Wisden was a Conservative, as meetings of the local branch of the Conservatives were held in the pub, as frequently announced in the newspaper. Below are some more mentions of him and his pub in the Hastings Observer.

The 14 October 1876 issue had a dispute before the Bench where Valentine Ransom, a mariner, charged Wisden with assault, while Wisden counter-charged assault against Ransom. Ransom’s evidence was that he was in the pub at 3 pm on the 4th and, in a “jeering” with a man about some case swung at the other man but did not hit him. Someone caught hold of him by his coat collar. He turned around and saw it was the landlord. He caught hold of Wisden by the coat and chin, was pushed out of the house, and struck on the nose, making a mark. Wisden’s testimony was that he saw Ransom striking out at Jeal, told them he wanted no fighting, took hold of Ransom round the waist. Ransom then caught hold of him by the throat and drew blood, told him to leave, he refused. A policeman eventually put him out. Thought that the mark on the nose was caused by Jeal.

Despite the conflicting testimonies, the summons against Wisden was dismissed, while Ransom was fined 10s and costs, or fourteen days hard labour.

 The 13 April 1878 issue had a brief advertisement by J. Wisden for a boy about 15 years old “to clean pots and make himself useful.” A pot boy, that is.

 In the 1881 census there were only two occupants in the North Star. These were Wisden as a widower, 50, born Brighton, and William Manser, 14, pot boy, born Hastings.

 The 3 March 1883 issue had a long account of how Frederick Kenward, a 14-year-old pot boy in Wisden’s employ for three or four months, had stolen from him. He was under notice, which had expired the previous day. The prisoner slept in the house. Wisden’s “suspicions were aroused, and about nine o’clock he went into his bed-room. He saw prisoner’s clothes spread out on a trunk. Witness noticed something bulky in prisoner’s trousers picket. He put his hand in and found it was a bag of money.” He took the bag down to the kitchen, waited for Kenward to return five minutes later, and, “shooting the money on the table, said, ‘Fred, where did you get this ?’ He said, ‘I had it from you.’ Witness replied, ‘No, you did not; where did you get it ?’ Prisoner then said, ‘I got it out of your bag in the drawer in the bar, a few days ago.’ “ He had been robbed before. A policeman was called for and took them both to the police station.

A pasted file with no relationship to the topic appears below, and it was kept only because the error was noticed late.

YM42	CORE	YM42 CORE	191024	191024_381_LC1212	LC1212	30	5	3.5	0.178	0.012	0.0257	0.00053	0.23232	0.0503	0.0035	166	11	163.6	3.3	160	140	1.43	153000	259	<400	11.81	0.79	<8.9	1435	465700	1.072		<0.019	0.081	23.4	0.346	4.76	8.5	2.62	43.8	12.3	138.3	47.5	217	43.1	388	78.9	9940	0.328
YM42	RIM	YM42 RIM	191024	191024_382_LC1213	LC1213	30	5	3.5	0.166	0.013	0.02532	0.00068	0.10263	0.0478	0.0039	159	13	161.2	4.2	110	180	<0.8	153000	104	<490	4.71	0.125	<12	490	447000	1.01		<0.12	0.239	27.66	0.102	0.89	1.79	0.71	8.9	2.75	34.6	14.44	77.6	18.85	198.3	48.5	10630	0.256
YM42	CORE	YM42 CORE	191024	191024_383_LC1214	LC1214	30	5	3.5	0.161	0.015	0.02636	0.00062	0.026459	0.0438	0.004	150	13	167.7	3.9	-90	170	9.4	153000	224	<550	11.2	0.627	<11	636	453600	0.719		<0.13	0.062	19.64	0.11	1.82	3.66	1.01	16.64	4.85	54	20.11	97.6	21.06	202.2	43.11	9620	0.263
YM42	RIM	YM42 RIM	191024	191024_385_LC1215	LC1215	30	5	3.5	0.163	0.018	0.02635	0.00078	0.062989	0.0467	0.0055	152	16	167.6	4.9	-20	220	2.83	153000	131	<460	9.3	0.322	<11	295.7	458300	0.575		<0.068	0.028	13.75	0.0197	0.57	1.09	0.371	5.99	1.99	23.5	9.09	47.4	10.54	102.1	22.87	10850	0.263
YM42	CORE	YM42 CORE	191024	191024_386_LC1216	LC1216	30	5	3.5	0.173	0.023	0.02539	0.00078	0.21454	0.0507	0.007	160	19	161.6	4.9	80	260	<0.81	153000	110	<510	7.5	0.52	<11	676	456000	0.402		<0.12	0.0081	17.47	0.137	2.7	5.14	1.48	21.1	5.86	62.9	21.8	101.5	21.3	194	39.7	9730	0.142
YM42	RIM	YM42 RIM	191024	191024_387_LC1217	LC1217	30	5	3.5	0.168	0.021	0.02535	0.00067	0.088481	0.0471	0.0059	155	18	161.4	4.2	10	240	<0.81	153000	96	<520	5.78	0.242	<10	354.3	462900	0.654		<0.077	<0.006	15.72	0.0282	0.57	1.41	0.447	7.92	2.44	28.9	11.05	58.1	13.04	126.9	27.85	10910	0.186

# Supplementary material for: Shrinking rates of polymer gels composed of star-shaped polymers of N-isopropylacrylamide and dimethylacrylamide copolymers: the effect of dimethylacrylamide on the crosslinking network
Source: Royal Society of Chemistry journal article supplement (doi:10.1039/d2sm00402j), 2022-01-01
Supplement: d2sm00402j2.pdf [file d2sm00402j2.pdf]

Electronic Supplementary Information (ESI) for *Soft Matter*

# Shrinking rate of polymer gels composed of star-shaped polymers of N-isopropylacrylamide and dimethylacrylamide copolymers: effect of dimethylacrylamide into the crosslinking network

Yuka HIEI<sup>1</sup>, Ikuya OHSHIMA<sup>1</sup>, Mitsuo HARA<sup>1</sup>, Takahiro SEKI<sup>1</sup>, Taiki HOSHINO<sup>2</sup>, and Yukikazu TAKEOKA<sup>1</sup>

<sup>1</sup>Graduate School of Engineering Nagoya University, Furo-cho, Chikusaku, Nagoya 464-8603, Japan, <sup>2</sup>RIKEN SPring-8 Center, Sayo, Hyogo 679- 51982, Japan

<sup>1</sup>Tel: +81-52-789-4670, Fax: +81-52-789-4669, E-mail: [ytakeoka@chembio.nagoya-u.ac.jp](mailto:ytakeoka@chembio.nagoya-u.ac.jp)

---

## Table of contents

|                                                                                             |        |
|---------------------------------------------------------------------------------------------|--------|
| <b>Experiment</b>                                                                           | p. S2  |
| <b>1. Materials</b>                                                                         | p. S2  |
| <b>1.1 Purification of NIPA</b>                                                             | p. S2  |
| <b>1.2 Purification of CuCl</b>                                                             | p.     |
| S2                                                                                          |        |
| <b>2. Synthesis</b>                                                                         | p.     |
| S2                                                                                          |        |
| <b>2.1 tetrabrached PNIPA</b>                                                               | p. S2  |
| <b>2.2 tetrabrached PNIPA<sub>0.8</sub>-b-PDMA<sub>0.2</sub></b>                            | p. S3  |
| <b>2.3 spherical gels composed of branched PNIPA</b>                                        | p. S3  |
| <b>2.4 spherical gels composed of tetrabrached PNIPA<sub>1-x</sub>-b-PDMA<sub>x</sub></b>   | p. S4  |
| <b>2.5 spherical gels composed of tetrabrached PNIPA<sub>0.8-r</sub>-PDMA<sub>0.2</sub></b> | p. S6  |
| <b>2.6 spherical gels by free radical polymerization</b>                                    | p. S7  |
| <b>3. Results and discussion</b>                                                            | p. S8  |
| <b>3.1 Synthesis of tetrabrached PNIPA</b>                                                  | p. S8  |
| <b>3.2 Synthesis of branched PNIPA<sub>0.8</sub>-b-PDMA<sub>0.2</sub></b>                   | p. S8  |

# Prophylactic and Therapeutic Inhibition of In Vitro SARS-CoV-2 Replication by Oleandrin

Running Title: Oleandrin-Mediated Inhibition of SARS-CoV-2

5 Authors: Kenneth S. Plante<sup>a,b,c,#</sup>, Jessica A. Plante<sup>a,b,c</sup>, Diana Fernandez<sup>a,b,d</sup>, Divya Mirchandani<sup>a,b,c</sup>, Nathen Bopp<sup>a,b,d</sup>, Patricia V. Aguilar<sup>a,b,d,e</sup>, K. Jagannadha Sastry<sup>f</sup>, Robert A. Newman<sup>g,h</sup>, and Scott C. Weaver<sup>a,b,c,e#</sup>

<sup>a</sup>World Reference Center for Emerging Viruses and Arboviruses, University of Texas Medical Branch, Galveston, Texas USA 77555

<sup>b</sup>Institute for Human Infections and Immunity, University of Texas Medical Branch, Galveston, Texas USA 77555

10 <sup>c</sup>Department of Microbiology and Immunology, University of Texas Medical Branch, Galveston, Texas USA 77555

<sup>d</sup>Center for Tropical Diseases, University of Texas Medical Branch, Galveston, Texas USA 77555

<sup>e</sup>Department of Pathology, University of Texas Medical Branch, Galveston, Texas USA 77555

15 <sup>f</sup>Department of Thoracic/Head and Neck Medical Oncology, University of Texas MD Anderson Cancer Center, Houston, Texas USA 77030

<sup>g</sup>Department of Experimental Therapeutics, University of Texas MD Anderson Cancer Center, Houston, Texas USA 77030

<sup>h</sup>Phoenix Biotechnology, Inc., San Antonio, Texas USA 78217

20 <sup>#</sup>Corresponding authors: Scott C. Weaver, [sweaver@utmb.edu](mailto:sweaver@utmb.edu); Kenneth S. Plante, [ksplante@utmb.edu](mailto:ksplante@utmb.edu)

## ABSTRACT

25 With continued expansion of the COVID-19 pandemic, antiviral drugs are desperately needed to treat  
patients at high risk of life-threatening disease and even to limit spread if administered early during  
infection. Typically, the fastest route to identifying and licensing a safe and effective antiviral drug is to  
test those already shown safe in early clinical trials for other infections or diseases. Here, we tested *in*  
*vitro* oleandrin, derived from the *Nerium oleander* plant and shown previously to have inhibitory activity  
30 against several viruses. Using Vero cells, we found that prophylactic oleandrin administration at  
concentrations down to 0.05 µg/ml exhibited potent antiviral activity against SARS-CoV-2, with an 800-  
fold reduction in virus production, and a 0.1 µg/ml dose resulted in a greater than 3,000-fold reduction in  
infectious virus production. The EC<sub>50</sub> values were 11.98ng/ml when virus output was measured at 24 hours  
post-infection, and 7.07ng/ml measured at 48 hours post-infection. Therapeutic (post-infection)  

There was £3 10s in the bag. Fred’s mother said that he was one of ten children, and that she had never been disgraced before. Wisden said that he would be content with a fine (instead of prison), and a £1 fine was imposed, or else a month’s hard labour. We are not told which option the prisoner chose. The same “Bill Manser” who was in the 1881 census was mentioned, the bag in the room being, apparently, his.

 The 26 July 1884 issue of the Hastings and St Leonards Times has a short account of a fracas about which we would surely want more details as to the cause:

ASSAULT. George Rowse was summoned for having unlawfully assaulted and beaten Joseph Wisden on July 19th. Mr C.D. Jones prosecuted. – The complainant, who keeps the North Star Inn at Bohemia, said that defendant came to his house, and took up a glass containing beer, and threw it over him. – Mary Balcombe gave corroborative evidence, and defendant was fined 5s and costs.

His death was announced in the 9 February 1889 issue of the Hastings Observer:

 WISDEN. – On the 3rd inst., at his residence, 11, Newgate-road, Bohemia, late of the North Star, Joseph Wisden, age 58 years. Deeply regretted.

It is normally possible to identify changes of landlord from licensing information in the newspapers but I could not trace it in this case. Wisden had retired from the business, and at the time of his death his successor had already died.

The 1887 Pike’s Directory gives the landlord as J.M. Collins. This was Joseph Montague Collins, who died on the 15 August 1888, age 42. There is a very detailed advertisement for an auction, in the 15 September 1888, issue, given below, which gives an excellent idea of what the pub was like at the time. Although Wisden had a leasehold in 1870, Collins apparently owned the freehold, as it was in his estate to sell.

Sale by auction of the North Star